For better or worse, the internet (and Zoom in particular) has been a major constant in keeping people connected over the last several months during the pandemic and the resulting quarantine. Comedian and Shrewsbury native Mike Birbiglia and his wife, poet J. Hope Stein, bring that type of connection to the next level in their own way, and they’re getting their fans in on the fun.
As they make their way through cyberspace to bring their recent collaborative effort, The New One, to audiences all over the country on their 12-date Jokes and Poems and Pizza digital book tour, Birbiglia and Stein have found that the world of Zoom isn’t as lacking in crowd interaction and warmth as they had previously thought.
Before Jokes and Poems and Pizza makes a virtual stop at Cambridge’s Harvard Bookstore on Sunday (August 9), Vanyaland caught up with the creative couple over email to discuss the tour and its digital format, their feelings on their first creative collaboration, their continued philanthropy geared toward local and independent businesses all over the country, and of course, pizza.
Jason Greenough: I guess the most natural place to start is really just asking the question: How is the Birbiglia family holding up during the pandemic?
Mike Birbiglia: Well, our daughter pointed out last night — last night we did a reading from our living room all the way to San Francisco, at Green Apple Books, and Oona pointed out that the pandemic has been good for our family because normally we would do that book reading, and we would have to go out for a night and the babysitter would have to put her to bed but last night we put her to bed. She’s five years old and she told us that. So the answer is we’re struggling like everybody, but also there’s moments like that, where it feels like a nice piece of perspective from our daughter.
So, the main reason why we’re here is to talk about your Jokes and Poems and Pizza digital book tour to share The New One. You’re a few dates in at this point. How has the experience and reaction been thus far, especially with the digital format changing the whole environment of this type of thing?
Birbiglia: Well, it’s so simple of a concept but it’s surprisingly connecting. We’ve done events in Tulsa, and San Francisco, and Spokane, Washington, and it sort of felt like we visited those places. Or at least made contact with some people in those places. I don’t know. It’s very hard to describe.
J. Hope Stein: I was dreading this. I don’t like Zoom. And I am kind of shocked by the experience of it and the intimacy of it. It’s like being in someone’s living room at the end of their probably not-so-great day goofing around telling jokes. We’re just being kind of goofs and telling jokes and poems.
Birbiglia: To be clear, that’s not to say that people couldn’t be currently living their best lives.
Stein: Of course. But there’s certainly something really cool about being in someone’s living room having that fourth wall broken in terms of, like, being there. We always talk about [how] late night shows had that idea — being in someone’s living room at the end of their day, and there’s an intimacy of listening to it. And like, I feel like there’s something about it that feels really comforting to me. I don’t know what it is. But I’m surprised by it.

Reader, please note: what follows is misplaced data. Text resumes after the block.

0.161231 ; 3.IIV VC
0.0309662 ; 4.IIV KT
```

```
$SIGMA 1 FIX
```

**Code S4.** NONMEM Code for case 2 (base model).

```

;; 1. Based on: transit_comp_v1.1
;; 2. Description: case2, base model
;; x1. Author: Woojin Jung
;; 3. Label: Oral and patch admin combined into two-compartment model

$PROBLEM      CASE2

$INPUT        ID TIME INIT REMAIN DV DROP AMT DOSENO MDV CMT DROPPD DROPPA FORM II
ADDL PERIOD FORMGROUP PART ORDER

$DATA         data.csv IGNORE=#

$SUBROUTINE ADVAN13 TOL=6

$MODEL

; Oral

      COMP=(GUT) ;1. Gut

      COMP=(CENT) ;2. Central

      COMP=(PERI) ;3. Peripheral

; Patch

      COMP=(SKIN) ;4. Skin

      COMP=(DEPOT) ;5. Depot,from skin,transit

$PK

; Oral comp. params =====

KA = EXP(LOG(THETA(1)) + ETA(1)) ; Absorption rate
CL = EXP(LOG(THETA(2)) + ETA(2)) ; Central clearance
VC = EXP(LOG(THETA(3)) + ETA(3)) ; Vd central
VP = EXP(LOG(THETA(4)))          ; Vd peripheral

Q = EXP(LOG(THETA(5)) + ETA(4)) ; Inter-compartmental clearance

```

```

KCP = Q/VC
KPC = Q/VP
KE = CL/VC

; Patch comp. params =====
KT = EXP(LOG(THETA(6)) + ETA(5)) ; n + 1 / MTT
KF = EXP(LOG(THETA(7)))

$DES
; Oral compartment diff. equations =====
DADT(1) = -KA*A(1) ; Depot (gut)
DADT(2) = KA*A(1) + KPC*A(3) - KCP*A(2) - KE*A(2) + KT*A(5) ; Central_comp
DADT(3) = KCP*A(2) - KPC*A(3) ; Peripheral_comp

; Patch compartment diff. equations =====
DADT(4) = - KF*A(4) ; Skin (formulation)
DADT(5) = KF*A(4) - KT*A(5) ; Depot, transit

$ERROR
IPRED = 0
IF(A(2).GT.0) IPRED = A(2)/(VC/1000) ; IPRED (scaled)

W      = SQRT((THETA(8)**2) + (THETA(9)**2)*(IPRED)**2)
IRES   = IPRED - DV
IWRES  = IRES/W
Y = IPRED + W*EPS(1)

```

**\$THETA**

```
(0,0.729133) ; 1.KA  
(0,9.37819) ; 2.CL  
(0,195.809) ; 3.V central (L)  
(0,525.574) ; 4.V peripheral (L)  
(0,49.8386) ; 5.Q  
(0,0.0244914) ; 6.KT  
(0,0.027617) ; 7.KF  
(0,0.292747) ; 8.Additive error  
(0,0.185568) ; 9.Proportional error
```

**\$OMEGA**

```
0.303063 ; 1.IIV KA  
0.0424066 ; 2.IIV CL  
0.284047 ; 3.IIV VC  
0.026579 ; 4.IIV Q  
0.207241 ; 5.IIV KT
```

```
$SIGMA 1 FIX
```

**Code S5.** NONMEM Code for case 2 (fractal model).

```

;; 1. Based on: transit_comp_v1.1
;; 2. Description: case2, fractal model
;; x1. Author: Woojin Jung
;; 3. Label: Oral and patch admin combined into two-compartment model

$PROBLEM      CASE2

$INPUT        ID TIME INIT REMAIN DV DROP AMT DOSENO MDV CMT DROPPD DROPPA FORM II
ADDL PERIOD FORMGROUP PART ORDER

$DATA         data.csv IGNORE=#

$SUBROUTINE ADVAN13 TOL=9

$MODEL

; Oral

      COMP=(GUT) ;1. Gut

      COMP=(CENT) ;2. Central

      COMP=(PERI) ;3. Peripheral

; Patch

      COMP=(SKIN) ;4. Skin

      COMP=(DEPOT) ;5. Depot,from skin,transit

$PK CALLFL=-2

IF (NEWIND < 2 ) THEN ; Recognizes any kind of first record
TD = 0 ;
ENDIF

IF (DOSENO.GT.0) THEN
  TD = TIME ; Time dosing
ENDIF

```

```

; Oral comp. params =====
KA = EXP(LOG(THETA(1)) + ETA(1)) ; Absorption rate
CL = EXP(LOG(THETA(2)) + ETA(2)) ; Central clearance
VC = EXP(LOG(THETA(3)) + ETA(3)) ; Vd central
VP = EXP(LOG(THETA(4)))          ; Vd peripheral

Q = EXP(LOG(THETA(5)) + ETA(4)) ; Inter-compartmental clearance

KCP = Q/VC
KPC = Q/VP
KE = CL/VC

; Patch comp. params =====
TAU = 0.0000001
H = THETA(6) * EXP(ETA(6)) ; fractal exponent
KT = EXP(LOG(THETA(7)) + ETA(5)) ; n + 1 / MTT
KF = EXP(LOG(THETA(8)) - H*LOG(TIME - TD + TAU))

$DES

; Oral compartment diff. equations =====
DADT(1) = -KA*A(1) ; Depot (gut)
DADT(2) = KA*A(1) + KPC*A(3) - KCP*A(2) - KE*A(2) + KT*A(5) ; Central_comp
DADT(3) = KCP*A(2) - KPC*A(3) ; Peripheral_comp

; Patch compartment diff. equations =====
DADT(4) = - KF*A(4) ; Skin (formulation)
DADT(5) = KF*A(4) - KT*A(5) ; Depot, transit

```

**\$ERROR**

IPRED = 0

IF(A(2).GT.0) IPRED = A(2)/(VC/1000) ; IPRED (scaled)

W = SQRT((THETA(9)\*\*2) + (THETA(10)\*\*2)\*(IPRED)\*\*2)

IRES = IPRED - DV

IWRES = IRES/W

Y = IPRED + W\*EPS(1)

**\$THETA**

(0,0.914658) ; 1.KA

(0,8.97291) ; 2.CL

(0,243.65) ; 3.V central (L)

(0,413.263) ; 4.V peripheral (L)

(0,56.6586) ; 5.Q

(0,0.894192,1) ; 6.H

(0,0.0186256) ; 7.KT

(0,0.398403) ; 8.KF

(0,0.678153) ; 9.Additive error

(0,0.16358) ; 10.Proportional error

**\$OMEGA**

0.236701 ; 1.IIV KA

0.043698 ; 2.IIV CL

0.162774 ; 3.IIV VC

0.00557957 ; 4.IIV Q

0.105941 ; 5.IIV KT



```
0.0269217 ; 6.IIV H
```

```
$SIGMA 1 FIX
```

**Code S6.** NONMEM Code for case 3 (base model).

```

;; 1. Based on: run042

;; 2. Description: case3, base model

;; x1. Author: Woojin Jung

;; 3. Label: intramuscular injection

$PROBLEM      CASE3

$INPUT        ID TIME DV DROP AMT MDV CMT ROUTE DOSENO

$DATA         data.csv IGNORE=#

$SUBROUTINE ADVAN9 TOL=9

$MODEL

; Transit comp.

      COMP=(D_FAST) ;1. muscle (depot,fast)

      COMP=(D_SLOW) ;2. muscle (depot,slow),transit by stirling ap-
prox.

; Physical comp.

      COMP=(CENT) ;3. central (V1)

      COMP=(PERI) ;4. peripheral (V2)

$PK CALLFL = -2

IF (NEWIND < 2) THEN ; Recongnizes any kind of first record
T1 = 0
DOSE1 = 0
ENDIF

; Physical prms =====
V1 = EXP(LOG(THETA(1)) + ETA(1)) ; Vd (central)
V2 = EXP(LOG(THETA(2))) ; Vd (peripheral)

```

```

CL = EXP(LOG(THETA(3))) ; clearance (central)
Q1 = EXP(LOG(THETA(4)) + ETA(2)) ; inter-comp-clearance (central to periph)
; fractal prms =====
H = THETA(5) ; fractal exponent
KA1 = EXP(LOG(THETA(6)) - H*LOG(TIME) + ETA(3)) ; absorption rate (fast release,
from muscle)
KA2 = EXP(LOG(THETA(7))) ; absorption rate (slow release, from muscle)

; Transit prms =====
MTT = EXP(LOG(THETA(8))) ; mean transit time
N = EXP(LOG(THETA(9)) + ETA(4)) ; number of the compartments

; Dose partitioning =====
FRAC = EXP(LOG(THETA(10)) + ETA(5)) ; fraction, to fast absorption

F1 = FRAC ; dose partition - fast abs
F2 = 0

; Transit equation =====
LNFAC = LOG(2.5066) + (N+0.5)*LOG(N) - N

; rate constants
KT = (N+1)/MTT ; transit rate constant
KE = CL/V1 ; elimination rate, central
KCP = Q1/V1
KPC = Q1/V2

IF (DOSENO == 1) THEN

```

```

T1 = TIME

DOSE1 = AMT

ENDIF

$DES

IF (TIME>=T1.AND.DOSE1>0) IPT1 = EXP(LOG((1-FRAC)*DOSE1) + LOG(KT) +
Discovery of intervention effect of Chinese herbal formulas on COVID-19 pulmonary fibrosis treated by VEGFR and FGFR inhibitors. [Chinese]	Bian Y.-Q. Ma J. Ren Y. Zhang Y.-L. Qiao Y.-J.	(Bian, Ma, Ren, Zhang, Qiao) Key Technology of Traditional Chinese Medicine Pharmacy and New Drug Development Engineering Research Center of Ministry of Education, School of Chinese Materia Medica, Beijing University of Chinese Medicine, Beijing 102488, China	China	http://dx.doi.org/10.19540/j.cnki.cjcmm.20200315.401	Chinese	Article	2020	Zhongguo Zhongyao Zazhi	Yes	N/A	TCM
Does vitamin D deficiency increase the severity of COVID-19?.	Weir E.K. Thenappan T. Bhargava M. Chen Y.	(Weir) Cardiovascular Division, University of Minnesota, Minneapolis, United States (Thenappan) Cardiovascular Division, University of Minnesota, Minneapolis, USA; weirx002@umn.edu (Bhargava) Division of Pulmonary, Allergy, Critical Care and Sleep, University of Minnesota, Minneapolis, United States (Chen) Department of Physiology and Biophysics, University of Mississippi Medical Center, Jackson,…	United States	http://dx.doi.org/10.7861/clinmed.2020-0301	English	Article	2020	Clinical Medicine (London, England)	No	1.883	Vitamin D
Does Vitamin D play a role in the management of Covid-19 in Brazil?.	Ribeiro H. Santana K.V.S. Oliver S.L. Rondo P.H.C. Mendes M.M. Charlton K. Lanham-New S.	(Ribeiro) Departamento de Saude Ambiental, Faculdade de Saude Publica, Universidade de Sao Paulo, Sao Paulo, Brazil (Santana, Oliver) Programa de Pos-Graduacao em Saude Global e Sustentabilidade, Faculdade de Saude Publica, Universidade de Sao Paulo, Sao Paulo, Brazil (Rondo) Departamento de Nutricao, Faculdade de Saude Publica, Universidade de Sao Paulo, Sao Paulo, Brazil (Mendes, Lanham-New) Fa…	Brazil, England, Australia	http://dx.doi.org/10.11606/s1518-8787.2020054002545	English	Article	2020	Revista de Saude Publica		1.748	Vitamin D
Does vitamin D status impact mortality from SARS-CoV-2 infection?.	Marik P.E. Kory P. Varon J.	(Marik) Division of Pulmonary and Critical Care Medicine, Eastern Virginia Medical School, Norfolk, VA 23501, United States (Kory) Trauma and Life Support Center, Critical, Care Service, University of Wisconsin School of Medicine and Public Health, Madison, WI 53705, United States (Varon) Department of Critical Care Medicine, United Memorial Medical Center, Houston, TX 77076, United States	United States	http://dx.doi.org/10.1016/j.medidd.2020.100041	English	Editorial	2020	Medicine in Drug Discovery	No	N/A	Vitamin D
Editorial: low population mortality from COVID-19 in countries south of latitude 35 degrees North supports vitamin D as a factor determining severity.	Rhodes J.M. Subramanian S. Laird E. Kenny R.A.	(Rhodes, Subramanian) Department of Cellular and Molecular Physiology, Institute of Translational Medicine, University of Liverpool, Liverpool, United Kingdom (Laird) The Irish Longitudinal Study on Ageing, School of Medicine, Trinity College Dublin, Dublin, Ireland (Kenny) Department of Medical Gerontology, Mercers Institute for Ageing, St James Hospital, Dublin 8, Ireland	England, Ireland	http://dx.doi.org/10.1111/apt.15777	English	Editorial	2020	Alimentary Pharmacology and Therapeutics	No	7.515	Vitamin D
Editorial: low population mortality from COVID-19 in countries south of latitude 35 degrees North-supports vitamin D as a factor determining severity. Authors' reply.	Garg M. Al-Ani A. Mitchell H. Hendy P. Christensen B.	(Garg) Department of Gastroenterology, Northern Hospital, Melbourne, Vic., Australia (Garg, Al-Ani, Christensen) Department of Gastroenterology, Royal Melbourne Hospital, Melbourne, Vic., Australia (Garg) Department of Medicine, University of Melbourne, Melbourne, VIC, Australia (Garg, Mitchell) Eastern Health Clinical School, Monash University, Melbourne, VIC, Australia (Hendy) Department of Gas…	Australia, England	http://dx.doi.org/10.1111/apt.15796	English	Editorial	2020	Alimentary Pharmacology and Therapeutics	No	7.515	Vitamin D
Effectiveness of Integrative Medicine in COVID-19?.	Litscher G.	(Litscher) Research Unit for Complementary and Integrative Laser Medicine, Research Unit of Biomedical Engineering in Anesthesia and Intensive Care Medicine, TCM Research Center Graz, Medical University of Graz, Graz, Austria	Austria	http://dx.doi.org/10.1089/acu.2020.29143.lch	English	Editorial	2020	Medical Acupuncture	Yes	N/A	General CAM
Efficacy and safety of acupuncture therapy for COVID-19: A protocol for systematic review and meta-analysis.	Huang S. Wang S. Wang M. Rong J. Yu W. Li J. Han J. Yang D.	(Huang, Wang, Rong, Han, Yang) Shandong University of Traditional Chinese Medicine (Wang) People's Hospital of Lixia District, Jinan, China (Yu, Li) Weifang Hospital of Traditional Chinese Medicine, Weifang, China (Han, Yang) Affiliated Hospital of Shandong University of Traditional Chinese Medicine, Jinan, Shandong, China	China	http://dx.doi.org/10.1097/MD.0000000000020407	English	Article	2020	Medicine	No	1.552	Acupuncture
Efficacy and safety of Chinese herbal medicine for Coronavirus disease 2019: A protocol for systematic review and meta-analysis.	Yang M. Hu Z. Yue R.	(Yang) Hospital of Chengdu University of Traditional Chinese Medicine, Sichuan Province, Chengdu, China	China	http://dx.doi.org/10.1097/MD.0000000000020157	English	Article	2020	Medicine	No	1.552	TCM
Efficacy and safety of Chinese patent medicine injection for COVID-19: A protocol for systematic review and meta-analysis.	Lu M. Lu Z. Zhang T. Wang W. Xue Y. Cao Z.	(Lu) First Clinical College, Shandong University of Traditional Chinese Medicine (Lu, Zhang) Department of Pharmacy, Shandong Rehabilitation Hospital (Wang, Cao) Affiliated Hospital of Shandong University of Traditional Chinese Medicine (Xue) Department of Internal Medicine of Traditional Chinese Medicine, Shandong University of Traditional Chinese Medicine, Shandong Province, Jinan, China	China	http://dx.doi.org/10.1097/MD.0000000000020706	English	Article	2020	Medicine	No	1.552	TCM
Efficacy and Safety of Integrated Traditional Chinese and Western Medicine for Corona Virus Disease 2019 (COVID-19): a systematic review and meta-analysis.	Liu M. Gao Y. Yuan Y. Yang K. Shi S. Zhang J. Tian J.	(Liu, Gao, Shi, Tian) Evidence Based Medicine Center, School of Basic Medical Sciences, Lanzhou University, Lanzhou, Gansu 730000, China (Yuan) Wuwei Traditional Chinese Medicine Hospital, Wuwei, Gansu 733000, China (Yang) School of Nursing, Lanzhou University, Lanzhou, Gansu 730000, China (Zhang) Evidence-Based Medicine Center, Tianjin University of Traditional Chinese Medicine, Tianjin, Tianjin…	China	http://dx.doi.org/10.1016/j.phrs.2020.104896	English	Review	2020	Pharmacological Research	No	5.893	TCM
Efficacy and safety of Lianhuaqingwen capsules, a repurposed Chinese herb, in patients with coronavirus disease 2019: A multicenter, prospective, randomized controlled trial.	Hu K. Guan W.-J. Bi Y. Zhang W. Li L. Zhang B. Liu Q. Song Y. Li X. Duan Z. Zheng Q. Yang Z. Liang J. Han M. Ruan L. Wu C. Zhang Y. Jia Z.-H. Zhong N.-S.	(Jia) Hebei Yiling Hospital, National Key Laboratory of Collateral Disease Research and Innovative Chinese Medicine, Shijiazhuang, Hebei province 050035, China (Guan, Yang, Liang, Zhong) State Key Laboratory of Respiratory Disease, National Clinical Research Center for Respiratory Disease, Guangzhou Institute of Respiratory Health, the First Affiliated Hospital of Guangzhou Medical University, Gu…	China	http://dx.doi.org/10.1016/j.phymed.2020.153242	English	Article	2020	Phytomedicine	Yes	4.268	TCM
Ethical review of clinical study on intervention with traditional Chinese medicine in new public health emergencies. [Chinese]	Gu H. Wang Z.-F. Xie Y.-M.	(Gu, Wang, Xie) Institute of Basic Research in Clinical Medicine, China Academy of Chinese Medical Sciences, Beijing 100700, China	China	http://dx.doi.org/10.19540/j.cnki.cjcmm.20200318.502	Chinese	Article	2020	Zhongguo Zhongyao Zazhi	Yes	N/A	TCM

Birbiglia: What we mean to say is we want our voices to put you to sleep.
Given the obstacles you’ve faced this year, in regards to your careers, with publication dates getting moved around, stand-up dates getting cancelled, and just the general madness that has come along with COVID-19, how does it feel to finally be able to do this book tour and share it with your fans?
Birbiglia: Well, it sort of feels old fashioned, even though it’s using the highest levels of technology conceivable in any of our lifetimes, because it really does feel like we’re going to 20 cities. And so it feels like we’re all over the place. Some of the events have 30 people, and some of the events have 200 people. And it’s sort of like, in some ways, it reminds me of my early career of touring as a stand up where it’s like every night is a surprise as to what it’s going to be. But in general, like, we haven’t come away from one of the events being like ‘that was awful.’ And one of the kinds of people who say that was awful.
Stein: I think what’s fun about it is, like, we didn’t get a chance to experience the book itself until now. Like reading from it is kind of like reading from it for the first time for us, and we never know what we’re going to read because we let the audience decide throughout. We give them choices of what they want us to read. We kind of set up some options.
Birbiglia: We call it choose your own joke-venture or choose your own poem-venture.
Stein: I like that the audience is so much a part of it. It just makes it feel very fresh for us every night that we don’t know what the journey is going to be. We never do the same thing twice. One time we were like singing half the time and we are not singers. The audience joined in, and we did not plan that. And so we just don’t know. I like that aspect of it. We don’t know what it’s going to be when we sit down and start it. We literally have no idea. There’s something about that that feels — and the audience doesn’t know, and they’re part of that, in creating it. And there’s something about that that feels very alive right now, for me, in terms of all the communications and the ways we’re trying to connect with people in our lives, it feels very real.
Specifically looking at your event “at” Harvard Bookstore on August 9, how are you feeling about bringing this project back home to the Boston area?